Psalms 34:18 says the Lord is near to the brokenhearted, but you seem to be asking where God is in “What Do I Know?” What do you want your listeners to know or understand about God or matters of faith when they hear this record?  And what lessons, if any, has heartbreak taught you about God?

“What Do I Know?” is loosely based around the book of Job. Throughout Morning’s War, I openly come to terms with how ugly my heart truly is. Many of the songs address my pride or entitlement because I feel like God owes me something or is withholding something. But the point of knowing God is not that He gives me things, but that in the end, regardless of what I’ve gotten in this life, I get Christ. That’s what I hope will shine through all the ugliness of this record: those of us who know Him already have the only thing we’ll always have, which is the only things we’ll ever need.

I love the background vocals beneath the chorus on “Piñata,” and the gospel singers as well.  It’s my favorite song on the album, actually. The vocal parts underlying the chorus recall the vocal experimentation of the Cocteau Twins or even – dare I say – Enya. Can you talk about how you built this song from the ground up?

I wrote this song with my friend Daniel Harper, who studies music at Berklee. We finished the song so quickly that I hardly recall the writing process at all. In the studio, though, we did a few rough takes from about 8-10pm one night. Then I wrapped up and went home. At 2am, I got a text message from my producer (J Land) saying, “I have an idea. It’s either brilliant or ridiculous. There’s no in-between.” He had recorded all the BGVs himself and wanted us to overdub the parts where he was singing falsetto. I loved his idea but insisted that we leave his vocals in there too. So the most surprising part of it all is that some of those really high parts are actually a man.

Tara-Leigh Cobble “Piñata” (from “Morning’s War”)

I always misunderstand lyrics.  On “The Grand Experiment,” I thought you were singing, “Go ahead / Fill your pockets / Grab your lunches / While you can.” What song lyrics, if any, have you heard wrong over the years?

That’s awesome! Someone else heard “grab your oceans” for that line. My favorite misunderstood lyric (and the only one I can always recall) is from Bon Jovi’s “Living on a Prayer.” When he sings, “Take my hand / We’ll make it I swear,” I thought he was saying, “Take my hand / We’re naked I swear.” Terribly inappropriate.

Of course, when Bon Jovi performs live, that probably is what he’s singing. I loved that song as a kid. I actually mention it in the first chapter in my book, The Stained-Glass Kaleidoscope.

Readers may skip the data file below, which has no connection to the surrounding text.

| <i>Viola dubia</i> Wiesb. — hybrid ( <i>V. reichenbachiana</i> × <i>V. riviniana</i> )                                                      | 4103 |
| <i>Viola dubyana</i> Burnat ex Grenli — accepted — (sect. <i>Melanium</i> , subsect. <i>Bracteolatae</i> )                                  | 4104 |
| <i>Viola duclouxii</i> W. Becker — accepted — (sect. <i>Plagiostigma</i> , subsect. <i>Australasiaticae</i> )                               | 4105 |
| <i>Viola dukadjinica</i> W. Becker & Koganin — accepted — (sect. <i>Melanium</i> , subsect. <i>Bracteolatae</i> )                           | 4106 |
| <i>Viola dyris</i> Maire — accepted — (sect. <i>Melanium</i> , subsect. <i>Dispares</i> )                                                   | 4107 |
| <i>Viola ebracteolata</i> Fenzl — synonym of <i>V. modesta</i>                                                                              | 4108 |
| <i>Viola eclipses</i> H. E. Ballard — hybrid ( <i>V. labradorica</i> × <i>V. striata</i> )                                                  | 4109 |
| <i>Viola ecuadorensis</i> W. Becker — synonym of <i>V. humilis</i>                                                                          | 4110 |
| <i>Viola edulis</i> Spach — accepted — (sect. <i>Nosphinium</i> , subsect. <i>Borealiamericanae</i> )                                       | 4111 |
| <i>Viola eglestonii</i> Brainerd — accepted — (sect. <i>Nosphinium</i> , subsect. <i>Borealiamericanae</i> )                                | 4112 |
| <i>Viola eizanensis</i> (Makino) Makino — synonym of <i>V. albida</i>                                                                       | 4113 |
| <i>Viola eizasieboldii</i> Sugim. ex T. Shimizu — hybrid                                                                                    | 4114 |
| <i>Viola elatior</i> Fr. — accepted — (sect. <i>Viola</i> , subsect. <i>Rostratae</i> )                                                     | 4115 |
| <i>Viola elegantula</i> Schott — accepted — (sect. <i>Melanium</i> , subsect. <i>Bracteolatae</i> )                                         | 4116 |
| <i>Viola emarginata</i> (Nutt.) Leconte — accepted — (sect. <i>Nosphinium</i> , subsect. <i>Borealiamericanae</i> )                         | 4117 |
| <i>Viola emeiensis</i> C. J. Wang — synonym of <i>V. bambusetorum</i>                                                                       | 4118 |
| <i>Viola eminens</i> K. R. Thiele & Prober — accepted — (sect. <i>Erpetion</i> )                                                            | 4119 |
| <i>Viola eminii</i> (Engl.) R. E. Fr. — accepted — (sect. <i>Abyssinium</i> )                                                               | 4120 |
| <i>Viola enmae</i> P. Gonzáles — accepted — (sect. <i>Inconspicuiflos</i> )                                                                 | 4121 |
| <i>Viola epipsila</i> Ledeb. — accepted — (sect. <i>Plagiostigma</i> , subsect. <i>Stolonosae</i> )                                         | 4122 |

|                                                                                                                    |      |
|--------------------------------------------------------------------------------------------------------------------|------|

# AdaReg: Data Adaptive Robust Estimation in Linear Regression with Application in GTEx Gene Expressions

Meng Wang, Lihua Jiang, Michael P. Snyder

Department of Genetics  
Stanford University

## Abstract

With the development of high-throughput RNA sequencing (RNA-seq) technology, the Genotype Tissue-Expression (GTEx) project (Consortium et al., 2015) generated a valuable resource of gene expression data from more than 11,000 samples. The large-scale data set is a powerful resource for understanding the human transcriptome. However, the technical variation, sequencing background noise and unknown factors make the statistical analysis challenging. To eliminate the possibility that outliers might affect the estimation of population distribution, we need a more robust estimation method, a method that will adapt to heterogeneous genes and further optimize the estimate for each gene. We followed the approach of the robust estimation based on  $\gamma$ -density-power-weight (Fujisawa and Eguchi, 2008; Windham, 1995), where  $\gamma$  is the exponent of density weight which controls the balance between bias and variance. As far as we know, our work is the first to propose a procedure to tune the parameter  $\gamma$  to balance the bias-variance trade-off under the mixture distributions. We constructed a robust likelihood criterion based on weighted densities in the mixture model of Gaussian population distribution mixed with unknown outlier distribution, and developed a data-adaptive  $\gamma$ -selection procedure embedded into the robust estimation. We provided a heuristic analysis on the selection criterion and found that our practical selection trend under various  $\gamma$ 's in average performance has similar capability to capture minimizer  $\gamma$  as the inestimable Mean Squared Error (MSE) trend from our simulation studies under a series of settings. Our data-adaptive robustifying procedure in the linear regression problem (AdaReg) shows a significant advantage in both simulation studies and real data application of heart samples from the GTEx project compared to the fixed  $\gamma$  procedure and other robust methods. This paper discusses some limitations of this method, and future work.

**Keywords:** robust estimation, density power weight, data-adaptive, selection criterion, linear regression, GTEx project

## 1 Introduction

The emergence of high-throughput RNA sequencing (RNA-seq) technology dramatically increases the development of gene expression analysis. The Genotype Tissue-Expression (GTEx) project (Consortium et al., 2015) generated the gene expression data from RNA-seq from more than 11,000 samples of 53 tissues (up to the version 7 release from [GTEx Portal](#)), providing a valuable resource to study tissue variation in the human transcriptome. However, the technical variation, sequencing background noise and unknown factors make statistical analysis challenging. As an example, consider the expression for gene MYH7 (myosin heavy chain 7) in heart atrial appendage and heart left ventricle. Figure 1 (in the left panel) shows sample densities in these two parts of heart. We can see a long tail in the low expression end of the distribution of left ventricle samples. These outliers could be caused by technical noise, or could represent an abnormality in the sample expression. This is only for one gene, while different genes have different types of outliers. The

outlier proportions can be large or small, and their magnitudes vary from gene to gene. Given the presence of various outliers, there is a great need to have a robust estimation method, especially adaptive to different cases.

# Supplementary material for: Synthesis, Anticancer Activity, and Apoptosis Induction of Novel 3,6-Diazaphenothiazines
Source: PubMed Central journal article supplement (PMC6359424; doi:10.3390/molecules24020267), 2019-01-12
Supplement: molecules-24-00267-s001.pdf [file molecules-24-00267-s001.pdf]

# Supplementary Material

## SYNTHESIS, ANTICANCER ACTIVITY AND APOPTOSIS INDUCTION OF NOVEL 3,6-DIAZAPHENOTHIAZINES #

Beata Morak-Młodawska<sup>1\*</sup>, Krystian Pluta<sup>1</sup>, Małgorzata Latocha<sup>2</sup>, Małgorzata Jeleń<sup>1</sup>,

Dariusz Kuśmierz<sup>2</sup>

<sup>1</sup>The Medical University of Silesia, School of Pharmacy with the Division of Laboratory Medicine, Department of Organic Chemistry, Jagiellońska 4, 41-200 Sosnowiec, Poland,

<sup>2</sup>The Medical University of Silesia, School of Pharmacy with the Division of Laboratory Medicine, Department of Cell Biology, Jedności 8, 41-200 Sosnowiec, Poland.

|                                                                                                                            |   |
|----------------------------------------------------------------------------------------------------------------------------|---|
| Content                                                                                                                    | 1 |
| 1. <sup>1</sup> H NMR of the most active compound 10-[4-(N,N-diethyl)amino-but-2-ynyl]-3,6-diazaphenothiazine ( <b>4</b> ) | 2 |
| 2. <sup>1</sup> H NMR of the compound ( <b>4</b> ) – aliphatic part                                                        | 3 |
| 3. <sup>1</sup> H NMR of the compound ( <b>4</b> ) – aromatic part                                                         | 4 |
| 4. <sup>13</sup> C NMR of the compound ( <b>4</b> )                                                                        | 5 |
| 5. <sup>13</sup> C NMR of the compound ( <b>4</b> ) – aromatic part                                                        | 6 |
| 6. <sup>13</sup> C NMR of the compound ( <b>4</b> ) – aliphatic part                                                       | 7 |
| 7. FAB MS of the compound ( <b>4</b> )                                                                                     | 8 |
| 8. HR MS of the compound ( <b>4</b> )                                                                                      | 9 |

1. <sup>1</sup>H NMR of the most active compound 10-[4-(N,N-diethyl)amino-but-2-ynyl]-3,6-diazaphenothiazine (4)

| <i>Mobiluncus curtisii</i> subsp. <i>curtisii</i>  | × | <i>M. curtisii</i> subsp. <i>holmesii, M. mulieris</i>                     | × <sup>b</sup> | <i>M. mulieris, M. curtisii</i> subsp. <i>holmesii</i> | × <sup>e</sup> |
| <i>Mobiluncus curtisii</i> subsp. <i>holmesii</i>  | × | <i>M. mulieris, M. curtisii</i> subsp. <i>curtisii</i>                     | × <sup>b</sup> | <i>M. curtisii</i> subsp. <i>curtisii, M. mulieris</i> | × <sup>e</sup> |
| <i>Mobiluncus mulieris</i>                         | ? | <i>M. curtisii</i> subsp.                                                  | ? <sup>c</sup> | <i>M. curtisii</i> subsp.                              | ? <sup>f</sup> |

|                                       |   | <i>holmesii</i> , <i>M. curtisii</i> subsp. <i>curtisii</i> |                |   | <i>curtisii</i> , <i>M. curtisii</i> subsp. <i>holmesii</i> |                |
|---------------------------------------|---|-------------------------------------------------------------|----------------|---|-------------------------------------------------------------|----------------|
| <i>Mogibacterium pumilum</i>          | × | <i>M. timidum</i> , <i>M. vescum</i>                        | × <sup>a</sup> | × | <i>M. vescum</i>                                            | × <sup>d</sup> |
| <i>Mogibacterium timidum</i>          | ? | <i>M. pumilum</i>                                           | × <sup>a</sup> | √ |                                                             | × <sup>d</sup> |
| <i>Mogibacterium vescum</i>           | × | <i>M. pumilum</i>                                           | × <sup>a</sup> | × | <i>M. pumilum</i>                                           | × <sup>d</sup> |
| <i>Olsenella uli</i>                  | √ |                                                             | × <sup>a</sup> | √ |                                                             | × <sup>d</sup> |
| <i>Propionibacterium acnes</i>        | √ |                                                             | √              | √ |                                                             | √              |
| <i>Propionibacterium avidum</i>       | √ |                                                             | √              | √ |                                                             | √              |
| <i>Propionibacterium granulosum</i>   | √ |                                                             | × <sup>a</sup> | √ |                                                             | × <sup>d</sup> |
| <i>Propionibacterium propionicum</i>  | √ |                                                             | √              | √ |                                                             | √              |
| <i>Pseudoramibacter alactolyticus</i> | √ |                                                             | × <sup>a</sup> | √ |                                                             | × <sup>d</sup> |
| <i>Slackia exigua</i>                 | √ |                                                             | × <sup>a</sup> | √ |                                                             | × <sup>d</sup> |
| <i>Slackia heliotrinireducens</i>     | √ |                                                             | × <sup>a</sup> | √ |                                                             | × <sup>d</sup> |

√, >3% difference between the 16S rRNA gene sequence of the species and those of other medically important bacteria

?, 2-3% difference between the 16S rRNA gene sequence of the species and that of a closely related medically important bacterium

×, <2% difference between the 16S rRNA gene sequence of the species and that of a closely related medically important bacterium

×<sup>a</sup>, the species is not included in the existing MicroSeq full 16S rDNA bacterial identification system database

But back to the album itself. I would describe “Faithful Still” as a minimalist composition.  It’s very simple, very stripped down.  There is also a certain auditory spaciousness about it.  Lyrically, you quote Job here, which is one of my favorite Biblical books: “I will trust You though You slay me.”  How do you explain this sort of seemingly paradoxical faith to someone outside of the Christian fold?  How do you explain putting your trust in a God whose plan may include slaying you?

Josh Wilson and I wrote this song in the span of about an hour. We’ve both been significantly moved by the teachings of Matt Chandler, a pastor at The Village Church in Denton, TX. Neither of us attend there, but we podcast his sermons. When he developed brain cancer late in 2009, my world was shaken. And since then, I’ve watched Matt live out what he has always spoken about: God doesn’t work on karma, so you have to choose to serve Him based not on what He offers you in this life. It’s difficult to fully integrate into our religious thought processes, but it’s absolutely true. We see the most valiant heroes of our faith dying by the sword, being boiled in oil, being beaten and imprisoned. And we see wicked men flourish and gain wealth and notoriety. Ultimately, I just have to ask myself what matters eternally. What do I want my legacy to be? One of grasping to build a temporary kingdom? Or one of working to build His unending Kingdom, regardless of what I lose in the process?

Who are some of your musical influences?

Patty Griffin writes some of my favorite melodies. Gabe Dixon weaves a perfect lyric. David Bazan sets the standard for boldness. Florence + the Machine makes me feel like I’m flying. Incredible guitar tones from unexpected bands? I go to Counting Crows for that.

In the tradition of Nick Hornby’s book/film High Fidelity, are there any “desert island” albums for you?  That is, if you have to be stranded with only 10 albums on a desert island, what would those albums be?

I’d take 10 copies of Coldplay, X&Y. All the sand on those desert islands can really mess up a CD, so I’d need extra copies. No artist has ever been able to capture all of my emotions the way that Coldplay has, both lyrically and sonically.

The song “Copernicus” wraps up the album and seems to be a declaration of faith in things hoped for but not seen … yet. You don’t want to be the center of your own universe, but in the end that’s pretty hard to swing here on Earth while we’re in the flesh. You sing “Come Lord Jesus / I’m at the center of my universe,” and elsewhere (in “What Do I Know?”) you sing of the solution to your problems being “a lowercase i.”  How do we learn to orbit God and let Him be at the center of our lives in a world such as this? Any tips for those of us who, like you, find that the world most often revolves around ourselves?

All that has rung true in my life is what I know from Scripture. When I try to build my own life, things always eventually fall apart, and I get angry. Then I have to come to terms with what Job realized: “The LORD gave, and the LORD has taken away; blessed be the name of the LORD” (Job 1:21). It’s clear that He is in control. “Our God is in the heavens; He does all that He pleases” (Psalm 115:3). Those words are unbearable if you don’t know Him or trust Him. They’re terrifying and infuriating. But when I see Him for who He really is, they’re the most comforting things in the world. The best I can do in this life is to get to know Him, to learn His character, to build my life around who He is. Everything else is shakeable and temporary. I can’t truly diminish my position in my own life without filling it with Him. And in that fullness, I’m able to revel in this truth: “From Him and through Him and to Him are all things. To Him be glory forever. Amen” (Romans 11:36).

Thanks for that, Tara-Leigh. Good luck to you in all of your endeavors. I fully expect you to embrace film next.

Visit Tara-Leigh’s Web site: http://taraleighcobble.com/ and/or follow her on Twitter @taraleighcobble.